The film’s phenomenal cast include a couple of notable small roles from Craig Gilmore as a guy that Steven meets and Craig Boyce as a college student that Andy falls for. Jenee Gil and Susan Beshid are fantastic in their respective roles Michele and Patricia as the lesbian couple who are definitely the most mature individuals of the group as they often can get their shit together while offering some of the guys advice. Roko Belic is terrific as Tommy as the youngest of the group who still is trying to find himself as he would get a bigger role in the third act as he is someone looking for a home.
Lance May is brilliant as Deric as Steven’s lover who knows a lot about the gay lifestyle but begins to feel detached from Steven. Gilbert Luna is excellent as Steven as an aspiring filmmaker who is trying to document everything around him while wondering if he’s a good person despite some of the bad things he does. Finally, there’s James Duval in an amazing performance as Andy as a brooding teenager who deals with ever-increasing loneliness as he tries to find love and happiness while lamenting over the world around him.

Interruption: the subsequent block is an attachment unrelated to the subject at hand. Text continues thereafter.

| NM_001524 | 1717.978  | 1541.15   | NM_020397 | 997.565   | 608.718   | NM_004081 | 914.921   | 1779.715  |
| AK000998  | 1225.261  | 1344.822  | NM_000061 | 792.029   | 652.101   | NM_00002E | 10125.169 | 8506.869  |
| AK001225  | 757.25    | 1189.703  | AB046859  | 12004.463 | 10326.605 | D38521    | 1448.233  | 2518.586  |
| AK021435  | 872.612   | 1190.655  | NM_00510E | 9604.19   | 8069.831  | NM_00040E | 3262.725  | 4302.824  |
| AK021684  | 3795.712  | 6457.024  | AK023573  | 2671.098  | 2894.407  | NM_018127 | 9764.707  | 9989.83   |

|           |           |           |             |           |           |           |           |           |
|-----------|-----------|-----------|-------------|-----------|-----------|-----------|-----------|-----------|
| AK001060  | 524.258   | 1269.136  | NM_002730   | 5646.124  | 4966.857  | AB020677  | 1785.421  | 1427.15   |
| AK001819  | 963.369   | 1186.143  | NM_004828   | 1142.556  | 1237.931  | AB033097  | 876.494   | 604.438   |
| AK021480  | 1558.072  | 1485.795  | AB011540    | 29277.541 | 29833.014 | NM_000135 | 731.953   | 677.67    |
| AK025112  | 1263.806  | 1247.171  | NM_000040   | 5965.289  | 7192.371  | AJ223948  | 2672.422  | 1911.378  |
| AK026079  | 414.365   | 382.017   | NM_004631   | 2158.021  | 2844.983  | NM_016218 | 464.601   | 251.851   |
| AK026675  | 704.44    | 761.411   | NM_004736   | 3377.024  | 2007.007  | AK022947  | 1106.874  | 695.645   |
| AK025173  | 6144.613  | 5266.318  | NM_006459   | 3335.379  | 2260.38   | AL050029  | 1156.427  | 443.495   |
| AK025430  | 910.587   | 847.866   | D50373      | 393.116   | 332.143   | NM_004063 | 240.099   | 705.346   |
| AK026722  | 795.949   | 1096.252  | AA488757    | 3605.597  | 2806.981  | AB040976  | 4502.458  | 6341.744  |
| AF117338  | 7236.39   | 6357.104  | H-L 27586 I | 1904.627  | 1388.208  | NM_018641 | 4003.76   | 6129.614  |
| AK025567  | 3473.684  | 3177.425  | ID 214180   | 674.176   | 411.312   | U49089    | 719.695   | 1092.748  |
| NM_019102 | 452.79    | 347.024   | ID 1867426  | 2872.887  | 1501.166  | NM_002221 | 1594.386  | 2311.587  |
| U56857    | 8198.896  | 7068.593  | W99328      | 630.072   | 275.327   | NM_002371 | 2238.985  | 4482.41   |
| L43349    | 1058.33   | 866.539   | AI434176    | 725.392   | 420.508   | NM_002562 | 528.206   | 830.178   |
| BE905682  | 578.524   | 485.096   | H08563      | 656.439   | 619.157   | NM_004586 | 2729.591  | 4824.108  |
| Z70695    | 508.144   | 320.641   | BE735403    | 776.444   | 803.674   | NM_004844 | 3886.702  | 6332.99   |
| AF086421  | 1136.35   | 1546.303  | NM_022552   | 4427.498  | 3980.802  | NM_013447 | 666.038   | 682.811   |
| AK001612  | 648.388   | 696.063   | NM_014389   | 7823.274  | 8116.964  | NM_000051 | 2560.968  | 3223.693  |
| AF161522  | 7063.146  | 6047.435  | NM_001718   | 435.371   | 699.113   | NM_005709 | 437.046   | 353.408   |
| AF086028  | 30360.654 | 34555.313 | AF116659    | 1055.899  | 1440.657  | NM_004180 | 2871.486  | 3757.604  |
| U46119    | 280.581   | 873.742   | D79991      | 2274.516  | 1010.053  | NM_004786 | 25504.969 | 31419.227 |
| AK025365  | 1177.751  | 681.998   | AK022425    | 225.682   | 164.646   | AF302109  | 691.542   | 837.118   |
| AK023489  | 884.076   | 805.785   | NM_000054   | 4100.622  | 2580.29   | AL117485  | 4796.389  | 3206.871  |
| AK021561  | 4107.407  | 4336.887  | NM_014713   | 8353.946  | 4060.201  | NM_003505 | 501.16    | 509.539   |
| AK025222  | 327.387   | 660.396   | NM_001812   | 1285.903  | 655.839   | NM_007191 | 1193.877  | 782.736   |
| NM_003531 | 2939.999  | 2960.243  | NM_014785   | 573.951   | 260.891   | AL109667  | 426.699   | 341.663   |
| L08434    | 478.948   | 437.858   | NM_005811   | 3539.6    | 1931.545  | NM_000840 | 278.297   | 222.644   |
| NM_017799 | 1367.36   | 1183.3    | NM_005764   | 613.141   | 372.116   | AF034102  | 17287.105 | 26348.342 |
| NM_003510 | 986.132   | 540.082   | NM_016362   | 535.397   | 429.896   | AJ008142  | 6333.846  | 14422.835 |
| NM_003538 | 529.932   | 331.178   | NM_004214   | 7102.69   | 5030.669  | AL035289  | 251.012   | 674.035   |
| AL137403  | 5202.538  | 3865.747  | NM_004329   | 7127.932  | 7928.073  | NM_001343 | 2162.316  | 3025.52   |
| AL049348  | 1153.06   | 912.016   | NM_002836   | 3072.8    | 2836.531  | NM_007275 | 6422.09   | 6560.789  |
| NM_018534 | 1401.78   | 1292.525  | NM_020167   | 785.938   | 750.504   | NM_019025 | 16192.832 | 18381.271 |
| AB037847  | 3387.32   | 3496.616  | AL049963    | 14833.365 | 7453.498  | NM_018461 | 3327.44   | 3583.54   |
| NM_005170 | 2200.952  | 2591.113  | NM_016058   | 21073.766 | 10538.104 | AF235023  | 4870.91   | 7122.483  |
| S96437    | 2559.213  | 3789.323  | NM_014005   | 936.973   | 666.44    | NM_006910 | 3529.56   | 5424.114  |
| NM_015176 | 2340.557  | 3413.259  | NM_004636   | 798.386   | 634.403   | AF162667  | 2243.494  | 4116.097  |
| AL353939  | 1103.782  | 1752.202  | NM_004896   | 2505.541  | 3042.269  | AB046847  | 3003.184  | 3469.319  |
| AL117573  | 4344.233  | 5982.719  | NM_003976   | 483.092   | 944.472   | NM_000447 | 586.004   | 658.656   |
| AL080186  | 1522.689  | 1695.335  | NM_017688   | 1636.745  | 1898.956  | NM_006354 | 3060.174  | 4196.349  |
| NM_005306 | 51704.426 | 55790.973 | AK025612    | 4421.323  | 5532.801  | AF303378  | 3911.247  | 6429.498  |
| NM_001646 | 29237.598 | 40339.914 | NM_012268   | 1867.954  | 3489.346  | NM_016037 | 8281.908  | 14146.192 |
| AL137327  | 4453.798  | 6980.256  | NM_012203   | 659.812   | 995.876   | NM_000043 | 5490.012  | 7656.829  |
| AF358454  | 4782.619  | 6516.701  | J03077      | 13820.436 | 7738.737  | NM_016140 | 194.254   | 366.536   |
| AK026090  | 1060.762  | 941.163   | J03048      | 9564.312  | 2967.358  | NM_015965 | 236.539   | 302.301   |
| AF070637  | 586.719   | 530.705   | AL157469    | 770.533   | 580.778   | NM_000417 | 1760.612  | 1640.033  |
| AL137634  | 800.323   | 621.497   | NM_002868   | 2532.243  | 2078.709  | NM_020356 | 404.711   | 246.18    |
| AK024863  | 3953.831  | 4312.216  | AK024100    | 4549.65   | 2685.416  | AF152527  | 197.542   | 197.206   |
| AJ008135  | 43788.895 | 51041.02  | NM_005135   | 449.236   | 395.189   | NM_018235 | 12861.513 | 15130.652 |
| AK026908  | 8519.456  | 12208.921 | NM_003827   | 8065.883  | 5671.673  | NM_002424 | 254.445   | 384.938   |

Totally Fucked Up is an excellent film from Gregg Araki. While it is quite flawed in terms of its pacing, the film does manage to create a look into the life of gay/lesbian teenagers dealing with loneliness in a modern world. In the end, Totally Fucked Up is an awesome film from Gregg Araki.
Gregg Araki Films: (Three Bewildered People in the Night) - (The Long Weekend (O’ Despair)) - The Living End - The Doom Generation - Nowhere - (Splendor) - (This is How the World Ends (TV pilot) - Mysterioius Skin - Smiley Face - Kaboom! - (White Bird in a Blizzard)
© thevoid99 2016
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Haven't seen this, but it sounds really interesting. Of Araki's work, I've only seen Mysterious Skin, which is brilliant, and White Bird in a Blizzard, which is not. So, I'm real curious about this one.
@Wendell-It's not an easy film to find as I was able to find the film somewhere and I downloaded it a long time ago. The Living End I think is the better introduction to Araki's earlier work as the films he made in the 90s are different from the ones he made since Mysterious Skin as they were more raw and confrontational.
I have seen most of Araki's fims but this one and The Living End are hard to find. Im not a huge fan of his movies but I do enjoy The Doom Generation, and Smiley Face
@TheVern-Totally Fucked Up and The Living End are available via torrents while it's the first 2 films of his that I really want to see and then his most recent as I do enjoy his work a lot.